“In striking down these commonsense requirements, the Supreme Court has essentially accepted the abortion industry’s argument that it should be allowed to keep its profits high and patient care standards low,” said Clarke D. Forsythe, Acting President of Americans United for Life.
WASHINGTON, D.C. (06-27-16) – “Women lost today as the Supreme Court sides with the abortion industry, putting profits over women’s health and safety by opposing life-saving regulations and medically endorsed standards of patient care. Sadly, the commonsense laws that protect women in real, full service healthcare centers won’t be in effect in Texas abortion clinics, but Americans United for Life will continue to fight – in legislatures and in the courts – to protect women from a dangerous and greedy abortion industry,” said AUL Acting President and Senior Counsel Clarke Forsythe. He made his remarks as the U.S. Supreme Court in Whole Woman’s Health v. Hellerstedt struck down Texas requirements that abortion clinics comply with the same health and safety standards as facilities performing other outpatient surgeries and that individual abortion providers maintain hospital-admitting privileges to facilitate the treatment of abortion complications.
“In striking down these commonsense requirements, the Supreme Court has essentially accepted the abortion industry’s argument that it should be allowed to keep its profits high and patient care standards low,” said Forsythe. “It inexplicably turned a blind eye to what it has repeatedly held since Roe v. Wade: states may regulate the provision of abortion to protect maternal health. This ruling endangers women nationwide as health and safety standards are at risk.”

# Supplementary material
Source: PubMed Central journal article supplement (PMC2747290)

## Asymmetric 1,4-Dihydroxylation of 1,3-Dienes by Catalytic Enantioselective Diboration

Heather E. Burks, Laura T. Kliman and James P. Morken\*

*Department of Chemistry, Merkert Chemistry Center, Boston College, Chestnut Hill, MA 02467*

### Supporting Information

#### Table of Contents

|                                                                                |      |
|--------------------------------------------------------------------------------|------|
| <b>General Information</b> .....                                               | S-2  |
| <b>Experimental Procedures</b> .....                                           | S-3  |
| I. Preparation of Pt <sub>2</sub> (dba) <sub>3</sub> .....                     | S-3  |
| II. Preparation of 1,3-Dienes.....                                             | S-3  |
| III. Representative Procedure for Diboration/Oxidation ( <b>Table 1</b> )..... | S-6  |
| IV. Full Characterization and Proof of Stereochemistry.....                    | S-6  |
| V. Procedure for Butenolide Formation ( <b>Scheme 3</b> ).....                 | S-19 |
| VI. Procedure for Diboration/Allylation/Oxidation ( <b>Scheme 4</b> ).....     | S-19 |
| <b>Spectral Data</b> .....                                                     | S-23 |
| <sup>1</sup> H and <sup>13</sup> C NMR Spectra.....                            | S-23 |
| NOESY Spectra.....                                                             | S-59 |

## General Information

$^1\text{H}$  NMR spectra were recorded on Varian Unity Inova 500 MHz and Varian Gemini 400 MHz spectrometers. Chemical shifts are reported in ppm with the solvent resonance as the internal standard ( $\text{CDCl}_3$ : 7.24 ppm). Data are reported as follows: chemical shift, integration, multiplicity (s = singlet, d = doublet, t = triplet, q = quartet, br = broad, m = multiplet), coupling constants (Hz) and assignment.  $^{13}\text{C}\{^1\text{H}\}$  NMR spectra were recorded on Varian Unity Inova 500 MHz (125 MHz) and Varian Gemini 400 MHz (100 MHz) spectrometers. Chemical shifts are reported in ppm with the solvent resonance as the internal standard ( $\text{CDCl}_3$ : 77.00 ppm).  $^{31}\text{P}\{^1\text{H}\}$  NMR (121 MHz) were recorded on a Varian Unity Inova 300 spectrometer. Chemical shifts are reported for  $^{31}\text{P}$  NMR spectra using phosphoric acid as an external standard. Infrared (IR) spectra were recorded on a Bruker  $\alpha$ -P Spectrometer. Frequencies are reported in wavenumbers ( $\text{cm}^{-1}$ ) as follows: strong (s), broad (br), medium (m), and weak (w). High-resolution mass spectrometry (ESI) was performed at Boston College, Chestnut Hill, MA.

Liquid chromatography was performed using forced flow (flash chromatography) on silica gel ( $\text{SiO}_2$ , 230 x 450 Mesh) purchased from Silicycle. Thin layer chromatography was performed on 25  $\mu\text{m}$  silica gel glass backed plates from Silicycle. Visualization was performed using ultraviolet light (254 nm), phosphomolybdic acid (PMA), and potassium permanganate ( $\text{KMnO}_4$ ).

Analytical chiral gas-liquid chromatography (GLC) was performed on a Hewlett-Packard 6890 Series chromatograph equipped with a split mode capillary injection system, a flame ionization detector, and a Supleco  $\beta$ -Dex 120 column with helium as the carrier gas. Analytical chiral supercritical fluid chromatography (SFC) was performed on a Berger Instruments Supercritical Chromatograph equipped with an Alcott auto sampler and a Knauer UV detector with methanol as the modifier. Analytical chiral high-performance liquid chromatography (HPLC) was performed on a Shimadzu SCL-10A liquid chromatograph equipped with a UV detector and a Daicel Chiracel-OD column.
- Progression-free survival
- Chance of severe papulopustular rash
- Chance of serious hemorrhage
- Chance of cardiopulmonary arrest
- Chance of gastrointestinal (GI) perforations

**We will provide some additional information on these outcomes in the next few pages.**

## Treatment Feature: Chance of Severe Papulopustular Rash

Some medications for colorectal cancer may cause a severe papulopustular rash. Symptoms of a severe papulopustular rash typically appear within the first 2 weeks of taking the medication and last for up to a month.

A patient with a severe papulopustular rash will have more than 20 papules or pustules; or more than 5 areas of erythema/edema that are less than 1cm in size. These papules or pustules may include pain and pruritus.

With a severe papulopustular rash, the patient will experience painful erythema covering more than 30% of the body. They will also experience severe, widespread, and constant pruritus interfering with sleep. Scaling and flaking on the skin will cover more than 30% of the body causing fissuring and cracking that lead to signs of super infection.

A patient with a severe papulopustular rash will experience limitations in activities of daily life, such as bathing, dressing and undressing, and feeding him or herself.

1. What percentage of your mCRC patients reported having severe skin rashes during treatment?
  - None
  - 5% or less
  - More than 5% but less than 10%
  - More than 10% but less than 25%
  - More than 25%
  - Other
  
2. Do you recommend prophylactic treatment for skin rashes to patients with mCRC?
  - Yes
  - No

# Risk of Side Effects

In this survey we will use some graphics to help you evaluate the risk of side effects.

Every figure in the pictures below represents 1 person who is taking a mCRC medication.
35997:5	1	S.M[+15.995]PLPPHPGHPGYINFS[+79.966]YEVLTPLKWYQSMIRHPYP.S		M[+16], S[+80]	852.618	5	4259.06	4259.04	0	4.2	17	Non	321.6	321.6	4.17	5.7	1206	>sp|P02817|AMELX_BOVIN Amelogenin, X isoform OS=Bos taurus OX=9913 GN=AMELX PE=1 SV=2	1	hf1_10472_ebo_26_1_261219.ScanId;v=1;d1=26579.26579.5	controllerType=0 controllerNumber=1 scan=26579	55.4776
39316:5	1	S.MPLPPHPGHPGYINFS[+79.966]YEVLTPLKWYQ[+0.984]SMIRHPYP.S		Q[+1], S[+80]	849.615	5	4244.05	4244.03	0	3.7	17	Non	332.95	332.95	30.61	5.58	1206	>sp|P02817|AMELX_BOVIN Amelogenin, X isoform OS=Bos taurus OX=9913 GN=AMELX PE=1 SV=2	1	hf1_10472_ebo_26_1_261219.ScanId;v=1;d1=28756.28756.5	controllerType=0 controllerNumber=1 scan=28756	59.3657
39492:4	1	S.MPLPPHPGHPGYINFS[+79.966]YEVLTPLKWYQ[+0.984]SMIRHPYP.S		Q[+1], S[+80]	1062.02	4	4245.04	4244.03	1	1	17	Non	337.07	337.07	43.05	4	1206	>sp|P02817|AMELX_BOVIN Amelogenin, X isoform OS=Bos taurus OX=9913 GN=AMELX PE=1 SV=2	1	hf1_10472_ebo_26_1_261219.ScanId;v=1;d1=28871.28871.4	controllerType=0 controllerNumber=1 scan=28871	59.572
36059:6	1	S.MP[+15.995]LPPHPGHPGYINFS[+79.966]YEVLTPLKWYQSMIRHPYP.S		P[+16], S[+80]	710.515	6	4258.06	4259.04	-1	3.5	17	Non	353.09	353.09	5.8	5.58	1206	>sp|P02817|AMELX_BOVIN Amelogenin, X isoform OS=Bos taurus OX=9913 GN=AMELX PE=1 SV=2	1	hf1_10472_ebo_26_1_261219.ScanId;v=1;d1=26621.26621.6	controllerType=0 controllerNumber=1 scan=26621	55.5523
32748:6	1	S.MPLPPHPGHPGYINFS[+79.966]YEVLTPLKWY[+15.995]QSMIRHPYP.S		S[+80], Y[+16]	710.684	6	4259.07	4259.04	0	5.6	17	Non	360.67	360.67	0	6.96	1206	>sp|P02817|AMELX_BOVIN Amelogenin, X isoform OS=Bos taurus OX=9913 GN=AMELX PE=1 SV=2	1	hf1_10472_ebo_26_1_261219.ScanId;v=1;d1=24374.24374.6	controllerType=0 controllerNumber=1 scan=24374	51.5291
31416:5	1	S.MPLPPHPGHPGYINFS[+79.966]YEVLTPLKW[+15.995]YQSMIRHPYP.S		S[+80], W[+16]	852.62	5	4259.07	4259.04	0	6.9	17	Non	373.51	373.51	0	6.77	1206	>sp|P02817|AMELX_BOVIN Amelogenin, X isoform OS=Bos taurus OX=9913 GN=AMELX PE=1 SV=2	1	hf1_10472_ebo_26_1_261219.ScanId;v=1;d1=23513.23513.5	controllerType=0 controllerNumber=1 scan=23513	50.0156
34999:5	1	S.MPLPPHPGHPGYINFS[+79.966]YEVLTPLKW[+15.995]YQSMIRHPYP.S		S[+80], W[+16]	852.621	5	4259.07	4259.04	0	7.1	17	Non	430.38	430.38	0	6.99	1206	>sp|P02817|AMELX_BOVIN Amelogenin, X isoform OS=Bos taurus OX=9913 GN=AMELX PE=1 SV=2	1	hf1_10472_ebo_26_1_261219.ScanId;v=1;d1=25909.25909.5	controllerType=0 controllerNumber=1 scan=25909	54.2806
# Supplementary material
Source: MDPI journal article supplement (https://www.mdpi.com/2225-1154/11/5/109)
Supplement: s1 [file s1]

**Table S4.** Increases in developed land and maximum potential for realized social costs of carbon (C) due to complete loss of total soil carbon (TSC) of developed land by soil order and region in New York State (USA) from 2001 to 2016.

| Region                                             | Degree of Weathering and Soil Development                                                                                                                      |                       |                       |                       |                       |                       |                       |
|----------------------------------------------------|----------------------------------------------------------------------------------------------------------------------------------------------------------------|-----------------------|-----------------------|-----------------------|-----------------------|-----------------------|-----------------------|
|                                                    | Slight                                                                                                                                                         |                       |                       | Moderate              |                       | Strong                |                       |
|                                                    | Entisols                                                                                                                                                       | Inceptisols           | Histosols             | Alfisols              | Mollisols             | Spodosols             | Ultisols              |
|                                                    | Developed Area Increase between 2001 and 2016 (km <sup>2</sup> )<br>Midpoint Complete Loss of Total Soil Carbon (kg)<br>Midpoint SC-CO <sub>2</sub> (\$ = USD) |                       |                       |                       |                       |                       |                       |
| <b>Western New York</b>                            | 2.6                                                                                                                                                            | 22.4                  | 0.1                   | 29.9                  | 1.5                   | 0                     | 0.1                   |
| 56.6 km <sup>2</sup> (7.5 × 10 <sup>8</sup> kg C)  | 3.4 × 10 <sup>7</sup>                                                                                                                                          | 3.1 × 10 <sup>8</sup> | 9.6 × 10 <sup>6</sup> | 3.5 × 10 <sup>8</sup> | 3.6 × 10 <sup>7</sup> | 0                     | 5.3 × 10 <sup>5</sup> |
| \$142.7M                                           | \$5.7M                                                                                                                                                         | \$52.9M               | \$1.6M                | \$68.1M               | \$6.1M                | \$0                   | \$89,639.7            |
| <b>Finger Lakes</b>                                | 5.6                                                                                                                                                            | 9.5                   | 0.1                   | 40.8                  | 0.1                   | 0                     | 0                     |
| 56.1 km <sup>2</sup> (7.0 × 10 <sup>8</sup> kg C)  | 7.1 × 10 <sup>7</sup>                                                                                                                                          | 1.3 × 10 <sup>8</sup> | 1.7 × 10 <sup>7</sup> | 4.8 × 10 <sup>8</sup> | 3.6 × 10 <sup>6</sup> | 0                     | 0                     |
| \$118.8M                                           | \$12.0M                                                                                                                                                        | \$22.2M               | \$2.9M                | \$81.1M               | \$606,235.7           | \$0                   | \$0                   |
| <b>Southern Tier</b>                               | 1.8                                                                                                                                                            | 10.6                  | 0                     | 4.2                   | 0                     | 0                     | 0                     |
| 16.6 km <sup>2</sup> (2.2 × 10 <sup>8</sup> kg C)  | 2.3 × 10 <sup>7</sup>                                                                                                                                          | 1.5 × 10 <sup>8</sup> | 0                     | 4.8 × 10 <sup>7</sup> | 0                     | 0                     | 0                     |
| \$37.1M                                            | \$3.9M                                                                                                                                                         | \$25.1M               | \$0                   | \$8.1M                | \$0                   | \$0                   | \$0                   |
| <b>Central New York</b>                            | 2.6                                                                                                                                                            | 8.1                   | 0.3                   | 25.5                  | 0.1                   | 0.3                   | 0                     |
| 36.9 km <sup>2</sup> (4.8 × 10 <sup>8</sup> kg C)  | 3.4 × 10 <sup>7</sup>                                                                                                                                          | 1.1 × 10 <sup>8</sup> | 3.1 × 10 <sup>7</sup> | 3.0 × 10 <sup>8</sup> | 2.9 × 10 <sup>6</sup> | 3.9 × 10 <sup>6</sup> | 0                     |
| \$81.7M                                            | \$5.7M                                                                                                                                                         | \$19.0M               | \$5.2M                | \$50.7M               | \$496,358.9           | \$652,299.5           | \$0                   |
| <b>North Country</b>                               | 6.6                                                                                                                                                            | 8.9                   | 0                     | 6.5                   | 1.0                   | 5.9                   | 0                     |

For more than 15 years, AUL has led the nationwide effort to combat a dangerous abortion industry, advocating for meaningful and comprehensive regulation and oversight of abortion providers across the nation. Currently, 29 states regulate (to widely varying degrees) abortion facilities, and only 6 of these states require abortion clinics to meet the same health and safety standards as facilities performing other outpatient surgeries. Further, 15 states require individual abortion providers or abortion facilities to maintain either hospital admitting privileges or a transfer agreement with a third-party physician who maintains such privileges.
“Today’s abortion clinics are the true ‘back alleys’ of abortion mythology,” noted Denise Burke, Vice President of Legal Affairs at AUL. “They consistently operate in the ‘red light district’ of American medicine where the problem of substandard abortion providers is longstanding and pervasive. The fight against this public health crisis will continue, despite today’s ruling.”
AUL also filed a brief in the Supreme Court in defense of the Texas requirements, available here. The brief was filed on behalf of more than 460 officeholders from states with provisions similar to the Texas law and demonstrated that the Supreme Court had historically given “wide discretion” to state lawmakers in the regulation of abortion and significant deference to legislative determinations as to the medical necessity for enacting health and safety regulations for abortion providers.
To learn more about the health risks of abortion for all women, click here.
To learn more about health and safety standards that protect women from dangerous abortion clinic conditions, check out AUL’sWomen’s Protection Project here.
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